Read more on this story at Mongabay – Endangered Chinese monkey population recovering.

See more photos and videos of the Yunnan snub-nosed monkey on ARKive.

Kathryn Pintus, ARKive Text Author

Aug 9
Share 'In the News: Hen harriers on brink of extinction in England' on Delicious Share 'In the News: Hen harriers on brink of extinction in England' on Digg Share 'In the News: Hen harriers on brink of extinction in England' on Facebook Share 'In the News: Hen harriers on brink of extinction in England' on reddit Share 'In the News: Hen harriers on brink of extinction in England' on StumbleUpon Share 'In the News: Hen harriers on brink of extinction in England' on Email Share 'In the News: Hen harriers on brink of extinction in England' on Print Friendly

In the News: Hen harriers on brink of extinction in England

Hen harriers are dangerously close to extinction in England following failed breeding attempts by the country’s only two nesting pairs, according to the RSPB.

Hen harrier image

The hen harrier is also known as the northern harrier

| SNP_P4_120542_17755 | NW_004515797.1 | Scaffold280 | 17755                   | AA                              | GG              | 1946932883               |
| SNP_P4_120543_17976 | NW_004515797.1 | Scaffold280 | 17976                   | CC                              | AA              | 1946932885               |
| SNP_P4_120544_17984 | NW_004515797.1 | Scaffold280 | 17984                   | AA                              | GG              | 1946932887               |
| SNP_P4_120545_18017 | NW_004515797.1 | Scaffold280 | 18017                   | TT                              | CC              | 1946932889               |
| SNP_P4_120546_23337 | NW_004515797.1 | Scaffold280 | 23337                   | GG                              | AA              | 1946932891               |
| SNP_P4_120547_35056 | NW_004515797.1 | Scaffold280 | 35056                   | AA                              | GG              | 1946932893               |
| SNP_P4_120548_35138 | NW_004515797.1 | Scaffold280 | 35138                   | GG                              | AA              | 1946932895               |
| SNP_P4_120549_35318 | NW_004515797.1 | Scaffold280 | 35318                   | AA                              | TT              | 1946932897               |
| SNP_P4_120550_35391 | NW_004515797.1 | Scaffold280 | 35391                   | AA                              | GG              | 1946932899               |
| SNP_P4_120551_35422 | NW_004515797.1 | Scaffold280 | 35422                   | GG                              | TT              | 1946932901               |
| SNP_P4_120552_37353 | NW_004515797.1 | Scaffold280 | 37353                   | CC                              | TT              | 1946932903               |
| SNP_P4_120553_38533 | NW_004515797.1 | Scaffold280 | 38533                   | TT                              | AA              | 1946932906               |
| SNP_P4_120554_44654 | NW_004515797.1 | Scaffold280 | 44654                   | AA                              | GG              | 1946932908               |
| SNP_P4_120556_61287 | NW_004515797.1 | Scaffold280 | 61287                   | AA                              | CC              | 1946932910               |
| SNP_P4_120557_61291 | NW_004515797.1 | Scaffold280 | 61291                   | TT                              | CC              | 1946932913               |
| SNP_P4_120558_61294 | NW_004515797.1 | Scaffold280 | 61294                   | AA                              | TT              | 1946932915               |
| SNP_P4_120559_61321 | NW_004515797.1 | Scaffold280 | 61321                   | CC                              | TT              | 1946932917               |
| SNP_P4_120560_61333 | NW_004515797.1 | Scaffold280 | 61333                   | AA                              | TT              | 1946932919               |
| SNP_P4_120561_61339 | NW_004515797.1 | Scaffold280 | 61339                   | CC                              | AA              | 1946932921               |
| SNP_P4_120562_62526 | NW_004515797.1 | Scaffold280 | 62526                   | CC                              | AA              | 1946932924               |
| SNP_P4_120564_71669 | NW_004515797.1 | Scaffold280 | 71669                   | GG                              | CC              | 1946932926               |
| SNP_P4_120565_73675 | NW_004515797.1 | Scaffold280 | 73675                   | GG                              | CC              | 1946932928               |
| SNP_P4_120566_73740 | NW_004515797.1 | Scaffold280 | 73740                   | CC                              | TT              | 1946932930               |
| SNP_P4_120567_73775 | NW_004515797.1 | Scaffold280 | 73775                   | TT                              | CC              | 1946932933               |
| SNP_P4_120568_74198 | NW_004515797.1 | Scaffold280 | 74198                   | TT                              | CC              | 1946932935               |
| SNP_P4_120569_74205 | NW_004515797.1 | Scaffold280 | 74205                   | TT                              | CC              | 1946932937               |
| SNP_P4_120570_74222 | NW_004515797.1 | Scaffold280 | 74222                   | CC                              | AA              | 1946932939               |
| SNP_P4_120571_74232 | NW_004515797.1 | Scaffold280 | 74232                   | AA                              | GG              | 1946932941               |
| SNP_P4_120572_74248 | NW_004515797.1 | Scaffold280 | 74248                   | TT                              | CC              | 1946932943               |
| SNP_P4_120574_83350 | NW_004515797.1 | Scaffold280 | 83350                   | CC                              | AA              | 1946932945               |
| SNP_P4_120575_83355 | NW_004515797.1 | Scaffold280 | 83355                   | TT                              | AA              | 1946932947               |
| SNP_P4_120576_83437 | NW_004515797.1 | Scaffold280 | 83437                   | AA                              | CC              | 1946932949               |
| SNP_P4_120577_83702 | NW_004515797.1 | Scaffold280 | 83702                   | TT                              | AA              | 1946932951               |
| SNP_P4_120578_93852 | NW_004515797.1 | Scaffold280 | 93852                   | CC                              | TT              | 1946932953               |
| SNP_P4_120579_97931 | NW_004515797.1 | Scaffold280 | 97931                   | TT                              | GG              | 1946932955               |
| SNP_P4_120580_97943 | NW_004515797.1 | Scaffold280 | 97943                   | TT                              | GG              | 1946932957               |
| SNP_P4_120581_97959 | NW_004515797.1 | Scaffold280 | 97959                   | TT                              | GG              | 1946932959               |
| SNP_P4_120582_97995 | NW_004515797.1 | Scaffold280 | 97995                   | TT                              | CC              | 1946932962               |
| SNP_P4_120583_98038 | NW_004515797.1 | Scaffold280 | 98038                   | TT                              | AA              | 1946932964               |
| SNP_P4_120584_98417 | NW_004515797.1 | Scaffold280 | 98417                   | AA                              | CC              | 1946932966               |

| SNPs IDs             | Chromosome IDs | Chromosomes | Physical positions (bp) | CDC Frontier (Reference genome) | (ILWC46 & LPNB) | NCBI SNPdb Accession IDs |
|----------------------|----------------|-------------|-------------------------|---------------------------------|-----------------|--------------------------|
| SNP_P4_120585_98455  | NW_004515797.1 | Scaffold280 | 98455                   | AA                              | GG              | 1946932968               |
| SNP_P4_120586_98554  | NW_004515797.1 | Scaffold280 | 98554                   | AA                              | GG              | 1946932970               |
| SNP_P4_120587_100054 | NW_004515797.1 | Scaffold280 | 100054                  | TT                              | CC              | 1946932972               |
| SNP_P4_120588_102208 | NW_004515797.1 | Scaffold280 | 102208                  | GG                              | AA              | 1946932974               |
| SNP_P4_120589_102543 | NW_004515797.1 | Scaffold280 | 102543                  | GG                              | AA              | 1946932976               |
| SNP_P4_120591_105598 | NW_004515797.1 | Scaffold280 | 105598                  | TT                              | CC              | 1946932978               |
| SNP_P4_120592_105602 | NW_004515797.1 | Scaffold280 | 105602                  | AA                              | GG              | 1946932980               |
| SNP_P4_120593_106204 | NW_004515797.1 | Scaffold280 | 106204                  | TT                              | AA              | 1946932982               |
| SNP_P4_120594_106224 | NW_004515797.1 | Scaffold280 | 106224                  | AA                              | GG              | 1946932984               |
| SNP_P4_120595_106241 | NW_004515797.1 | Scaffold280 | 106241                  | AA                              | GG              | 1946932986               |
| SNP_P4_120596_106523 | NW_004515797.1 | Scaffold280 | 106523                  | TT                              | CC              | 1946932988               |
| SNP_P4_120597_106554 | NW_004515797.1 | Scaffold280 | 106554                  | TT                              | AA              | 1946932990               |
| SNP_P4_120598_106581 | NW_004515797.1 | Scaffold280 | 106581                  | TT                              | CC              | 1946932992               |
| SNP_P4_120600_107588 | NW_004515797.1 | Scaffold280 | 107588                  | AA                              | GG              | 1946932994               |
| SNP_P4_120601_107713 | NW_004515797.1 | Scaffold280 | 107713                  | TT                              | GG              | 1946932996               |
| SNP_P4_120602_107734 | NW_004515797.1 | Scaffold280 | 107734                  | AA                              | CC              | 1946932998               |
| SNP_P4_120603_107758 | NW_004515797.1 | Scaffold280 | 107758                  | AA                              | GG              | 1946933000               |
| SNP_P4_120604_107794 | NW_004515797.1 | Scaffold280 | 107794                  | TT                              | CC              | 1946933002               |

Species on the edge

Described as one of the region’s most charismatic birds of prey, the hen harrier, also known as the northern harrier, was once widespread in the UK. However, this impressive species became extinct in mainland Britain at the turn of the 20th century as a result of persecution, only returning to England from Scottish island populations after World War II following land use changes and a decline in persecution.

Since the 1990s, populations of this species in England have fallen dramatically, with just 15 pairs breeding in the country in 2007. According to the RSPB, 2013 is the first year the species has not produced a chick in England since the 1960s, a situation which is considered by the organisation to be a huge setback.